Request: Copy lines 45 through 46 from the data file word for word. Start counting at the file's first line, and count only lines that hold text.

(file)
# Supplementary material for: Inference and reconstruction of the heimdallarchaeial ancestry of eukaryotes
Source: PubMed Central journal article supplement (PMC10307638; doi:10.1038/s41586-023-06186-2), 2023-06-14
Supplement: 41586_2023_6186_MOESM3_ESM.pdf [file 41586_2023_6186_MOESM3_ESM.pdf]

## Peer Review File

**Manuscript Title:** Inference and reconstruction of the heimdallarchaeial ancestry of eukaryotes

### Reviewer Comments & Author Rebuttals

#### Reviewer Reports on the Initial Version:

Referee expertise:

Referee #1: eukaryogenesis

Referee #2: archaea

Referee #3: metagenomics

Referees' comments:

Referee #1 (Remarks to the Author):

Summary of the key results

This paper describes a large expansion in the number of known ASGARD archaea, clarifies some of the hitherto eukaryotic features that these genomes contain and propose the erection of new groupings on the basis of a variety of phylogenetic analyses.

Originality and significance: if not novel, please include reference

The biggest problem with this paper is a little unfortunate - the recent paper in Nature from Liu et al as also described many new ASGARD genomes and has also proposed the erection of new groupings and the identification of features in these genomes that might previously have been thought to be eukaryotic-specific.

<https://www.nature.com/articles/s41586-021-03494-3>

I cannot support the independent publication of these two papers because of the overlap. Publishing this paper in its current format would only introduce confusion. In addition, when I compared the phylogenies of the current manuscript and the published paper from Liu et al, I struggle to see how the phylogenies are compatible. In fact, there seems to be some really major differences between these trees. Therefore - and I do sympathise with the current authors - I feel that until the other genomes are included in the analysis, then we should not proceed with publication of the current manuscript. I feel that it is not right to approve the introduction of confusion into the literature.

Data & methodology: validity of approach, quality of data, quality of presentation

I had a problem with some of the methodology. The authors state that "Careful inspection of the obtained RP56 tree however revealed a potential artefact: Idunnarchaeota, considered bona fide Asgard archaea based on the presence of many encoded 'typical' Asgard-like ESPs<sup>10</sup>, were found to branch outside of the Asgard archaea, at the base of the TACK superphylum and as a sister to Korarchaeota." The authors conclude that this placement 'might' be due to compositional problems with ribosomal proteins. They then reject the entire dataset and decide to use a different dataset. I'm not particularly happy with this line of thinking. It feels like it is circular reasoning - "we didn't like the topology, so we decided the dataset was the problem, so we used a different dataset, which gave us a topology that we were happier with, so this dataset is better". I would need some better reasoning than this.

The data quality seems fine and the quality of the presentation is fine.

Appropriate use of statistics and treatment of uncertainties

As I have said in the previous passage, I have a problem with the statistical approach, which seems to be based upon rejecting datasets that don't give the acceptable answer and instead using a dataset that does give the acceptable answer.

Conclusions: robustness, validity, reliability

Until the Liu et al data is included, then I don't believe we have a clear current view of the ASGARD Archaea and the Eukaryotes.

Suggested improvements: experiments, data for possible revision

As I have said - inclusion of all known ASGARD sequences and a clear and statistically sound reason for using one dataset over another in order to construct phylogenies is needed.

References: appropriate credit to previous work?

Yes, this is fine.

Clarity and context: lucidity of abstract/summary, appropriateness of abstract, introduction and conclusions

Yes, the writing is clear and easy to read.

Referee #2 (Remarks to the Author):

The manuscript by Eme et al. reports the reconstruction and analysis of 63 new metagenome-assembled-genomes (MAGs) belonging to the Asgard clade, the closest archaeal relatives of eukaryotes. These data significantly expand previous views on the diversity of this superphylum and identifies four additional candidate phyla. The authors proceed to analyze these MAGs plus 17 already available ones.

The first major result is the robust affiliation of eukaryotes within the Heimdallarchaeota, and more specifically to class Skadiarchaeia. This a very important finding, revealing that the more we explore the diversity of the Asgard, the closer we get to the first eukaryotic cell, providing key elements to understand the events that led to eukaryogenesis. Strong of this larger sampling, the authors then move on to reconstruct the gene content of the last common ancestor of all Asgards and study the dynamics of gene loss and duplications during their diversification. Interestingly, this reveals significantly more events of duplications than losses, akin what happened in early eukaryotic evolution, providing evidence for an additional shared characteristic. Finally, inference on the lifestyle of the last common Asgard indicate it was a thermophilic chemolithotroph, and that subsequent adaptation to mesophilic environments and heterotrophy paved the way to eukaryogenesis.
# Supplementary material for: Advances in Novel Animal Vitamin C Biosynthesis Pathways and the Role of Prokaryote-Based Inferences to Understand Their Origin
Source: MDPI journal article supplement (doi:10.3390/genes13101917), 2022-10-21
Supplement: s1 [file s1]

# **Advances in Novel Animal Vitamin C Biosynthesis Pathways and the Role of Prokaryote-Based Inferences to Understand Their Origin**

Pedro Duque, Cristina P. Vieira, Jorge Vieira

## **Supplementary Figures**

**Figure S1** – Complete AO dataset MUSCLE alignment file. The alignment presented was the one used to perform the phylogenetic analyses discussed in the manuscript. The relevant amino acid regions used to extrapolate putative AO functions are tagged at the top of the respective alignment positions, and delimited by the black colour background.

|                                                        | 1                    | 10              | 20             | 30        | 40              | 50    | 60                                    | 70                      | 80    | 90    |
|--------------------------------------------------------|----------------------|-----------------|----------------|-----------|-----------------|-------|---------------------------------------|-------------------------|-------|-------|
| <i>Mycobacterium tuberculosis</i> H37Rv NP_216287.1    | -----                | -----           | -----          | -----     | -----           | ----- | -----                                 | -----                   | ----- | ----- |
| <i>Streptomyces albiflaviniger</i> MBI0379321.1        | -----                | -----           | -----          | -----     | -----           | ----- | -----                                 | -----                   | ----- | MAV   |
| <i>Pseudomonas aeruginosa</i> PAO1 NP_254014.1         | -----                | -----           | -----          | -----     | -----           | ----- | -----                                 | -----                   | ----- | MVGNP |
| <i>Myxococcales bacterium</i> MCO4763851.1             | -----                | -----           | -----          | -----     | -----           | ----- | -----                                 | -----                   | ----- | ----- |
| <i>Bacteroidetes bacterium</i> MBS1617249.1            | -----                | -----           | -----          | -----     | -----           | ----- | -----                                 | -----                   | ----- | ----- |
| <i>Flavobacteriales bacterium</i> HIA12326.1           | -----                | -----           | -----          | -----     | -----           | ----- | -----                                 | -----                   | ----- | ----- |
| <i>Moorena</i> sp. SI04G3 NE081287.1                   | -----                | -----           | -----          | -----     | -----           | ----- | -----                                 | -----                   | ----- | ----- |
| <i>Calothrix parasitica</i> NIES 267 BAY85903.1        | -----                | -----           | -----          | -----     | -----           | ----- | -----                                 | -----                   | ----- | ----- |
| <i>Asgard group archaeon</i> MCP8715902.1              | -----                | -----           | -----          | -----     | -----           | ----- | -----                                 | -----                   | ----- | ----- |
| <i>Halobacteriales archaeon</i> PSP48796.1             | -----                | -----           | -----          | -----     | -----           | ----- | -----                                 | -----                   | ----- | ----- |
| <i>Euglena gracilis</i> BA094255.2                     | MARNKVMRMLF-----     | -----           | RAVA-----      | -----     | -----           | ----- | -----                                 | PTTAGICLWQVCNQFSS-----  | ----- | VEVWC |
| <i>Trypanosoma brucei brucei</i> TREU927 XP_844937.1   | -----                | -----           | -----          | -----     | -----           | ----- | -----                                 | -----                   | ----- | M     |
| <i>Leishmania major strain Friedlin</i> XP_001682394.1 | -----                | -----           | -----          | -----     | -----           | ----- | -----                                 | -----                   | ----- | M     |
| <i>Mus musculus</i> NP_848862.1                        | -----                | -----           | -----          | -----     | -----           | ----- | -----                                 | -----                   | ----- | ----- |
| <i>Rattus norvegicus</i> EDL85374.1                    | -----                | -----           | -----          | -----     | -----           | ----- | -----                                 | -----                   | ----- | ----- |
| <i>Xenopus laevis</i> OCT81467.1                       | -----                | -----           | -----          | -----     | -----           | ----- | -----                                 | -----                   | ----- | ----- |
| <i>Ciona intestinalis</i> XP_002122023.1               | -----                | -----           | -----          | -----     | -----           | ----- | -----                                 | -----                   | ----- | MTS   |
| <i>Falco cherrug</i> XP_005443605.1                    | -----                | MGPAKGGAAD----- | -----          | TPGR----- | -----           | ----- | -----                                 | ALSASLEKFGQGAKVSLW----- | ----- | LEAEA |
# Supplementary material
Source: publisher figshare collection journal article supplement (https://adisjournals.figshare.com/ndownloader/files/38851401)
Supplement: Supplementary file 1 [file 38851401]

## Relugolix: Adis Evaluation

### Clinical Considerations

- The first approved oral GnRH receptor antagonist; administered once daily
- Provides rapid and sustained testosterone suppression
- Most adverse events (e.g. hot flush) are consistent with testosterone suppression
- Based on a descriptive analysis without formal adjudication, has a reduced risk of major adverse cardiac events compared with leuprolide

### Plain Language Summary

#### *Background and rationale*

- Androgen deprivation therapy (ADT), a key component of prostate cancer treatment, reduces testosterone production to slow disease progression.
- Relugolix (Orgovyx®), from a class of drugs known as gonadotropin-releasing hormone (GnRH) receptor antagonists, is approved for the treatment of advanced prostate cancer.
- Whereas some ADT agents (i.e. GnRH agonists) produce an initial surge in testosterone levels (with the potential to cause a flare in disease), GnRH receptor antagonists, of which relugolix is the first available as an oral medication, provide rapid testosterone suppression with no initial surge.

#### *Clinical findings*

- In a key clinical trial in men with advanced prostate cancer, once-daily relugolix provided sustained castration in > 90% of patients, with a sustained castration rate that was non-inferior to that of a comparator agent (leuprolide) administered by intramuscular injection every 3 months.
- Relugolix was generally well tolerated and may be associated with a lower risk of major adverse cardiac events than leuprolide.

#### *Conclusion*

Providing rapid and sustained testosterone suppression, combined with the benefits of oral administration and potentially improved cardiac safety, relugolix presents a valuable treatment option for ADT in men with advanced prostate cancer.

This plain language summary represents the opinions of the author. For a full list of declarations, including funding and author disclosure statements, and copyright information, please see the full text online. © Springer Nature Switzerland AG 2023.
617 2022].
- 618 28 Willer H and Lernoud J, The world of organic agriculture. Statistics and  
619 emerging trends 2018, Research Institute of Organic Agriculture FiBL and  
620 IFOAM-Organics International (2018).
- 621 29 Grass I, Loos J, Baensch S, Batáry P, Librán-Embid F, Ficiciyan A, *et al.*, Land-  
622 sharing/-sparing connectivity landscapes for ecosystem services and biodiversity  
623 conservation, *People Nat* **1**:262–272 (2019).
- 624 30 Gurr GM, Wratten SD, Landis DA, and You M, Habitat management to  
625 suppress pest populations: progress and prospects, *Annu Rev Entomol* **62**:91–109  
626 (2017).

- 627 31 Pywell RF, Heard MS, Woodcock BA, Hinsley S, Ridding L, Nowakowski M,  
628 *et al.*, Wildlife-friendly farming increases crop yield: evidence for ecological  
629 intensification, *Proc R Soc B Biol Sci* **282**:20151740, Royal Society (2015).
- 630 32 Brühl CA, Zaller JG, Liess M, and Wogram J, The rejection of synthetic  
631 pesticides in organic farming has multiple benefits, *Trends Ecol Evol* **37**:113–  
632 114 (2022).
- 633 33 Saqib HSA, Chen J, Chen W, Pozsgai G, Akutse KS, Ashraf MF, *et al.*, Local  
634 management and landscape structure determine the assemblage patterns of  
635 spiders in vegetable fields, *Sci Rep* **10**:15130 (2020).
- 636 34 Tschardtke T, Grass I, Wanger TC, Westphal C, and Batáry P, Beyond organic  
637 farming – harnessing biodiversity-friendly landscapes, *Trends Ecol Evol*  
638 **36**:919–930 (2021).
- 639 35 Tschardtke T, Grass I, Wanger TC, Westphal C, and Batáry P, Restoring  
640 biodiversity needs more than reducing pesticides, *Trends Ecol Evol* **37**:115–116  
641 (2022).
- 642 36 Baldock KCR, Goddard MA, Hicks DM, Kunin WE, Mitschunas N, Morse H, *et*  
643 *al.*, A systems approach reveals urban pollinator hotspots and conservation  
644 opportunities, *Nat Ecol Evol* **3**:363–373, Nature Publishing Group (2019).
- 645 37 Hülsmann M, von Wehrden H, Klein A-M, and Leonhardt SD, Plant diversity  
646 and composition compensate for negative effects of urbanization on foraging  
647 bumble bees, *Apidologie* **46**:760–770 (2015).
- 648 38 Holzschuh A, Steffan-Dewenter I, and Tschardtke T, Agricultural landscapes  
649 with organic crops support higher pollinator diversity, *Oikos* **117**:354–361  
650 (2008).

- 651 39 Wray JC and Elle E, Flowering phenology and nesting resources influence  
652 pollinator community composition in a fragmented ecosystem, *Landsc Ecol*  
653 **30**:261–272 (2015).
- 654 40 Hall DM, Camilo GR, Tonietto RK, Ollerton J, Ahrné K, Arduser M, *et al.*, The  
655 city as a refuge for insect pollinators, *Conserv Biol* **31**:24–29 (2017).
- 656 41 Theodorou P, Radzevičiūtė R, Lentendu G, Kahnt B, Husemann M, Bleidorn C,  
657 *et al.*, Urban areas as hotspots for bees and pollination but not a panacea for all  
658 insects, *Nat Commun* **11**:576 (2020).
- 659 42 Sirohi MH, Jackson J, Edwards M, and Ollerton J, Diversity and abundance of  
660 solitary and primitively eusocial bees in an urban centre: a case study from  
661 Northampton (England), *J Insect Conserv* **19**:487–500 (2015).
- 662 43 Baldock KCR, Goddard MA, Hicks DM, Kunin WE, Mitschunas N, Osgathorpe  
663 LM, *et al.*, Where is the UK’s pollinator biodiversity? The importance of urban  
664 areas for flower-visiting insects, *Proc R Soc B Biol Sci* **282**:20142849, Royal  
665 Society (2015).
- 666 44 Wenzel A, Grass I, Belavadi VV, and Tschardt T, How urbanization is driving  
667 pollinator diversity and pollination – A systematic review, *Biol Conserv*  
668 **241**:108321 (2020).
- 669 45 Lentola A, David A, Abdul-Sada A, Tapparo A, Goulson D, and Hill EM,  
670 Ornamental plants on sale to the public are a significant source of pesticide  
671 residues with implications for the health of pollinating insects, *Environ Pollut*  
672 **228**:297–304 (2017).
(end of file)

| <i>Mycobacterium tuberculosis</i> H37Rv NP_216287.1    | -----                | -----           | -----          | -----     | -----           | ----- | -----                                 | -----                   | ----- | ----- |
| <i>Streptomyces albiflaviniger</i> MBI0379321.1        | -----                | -----           | -----          | -----     | -----           | ----- | -----                                 | -----                   | ----- | MAV   |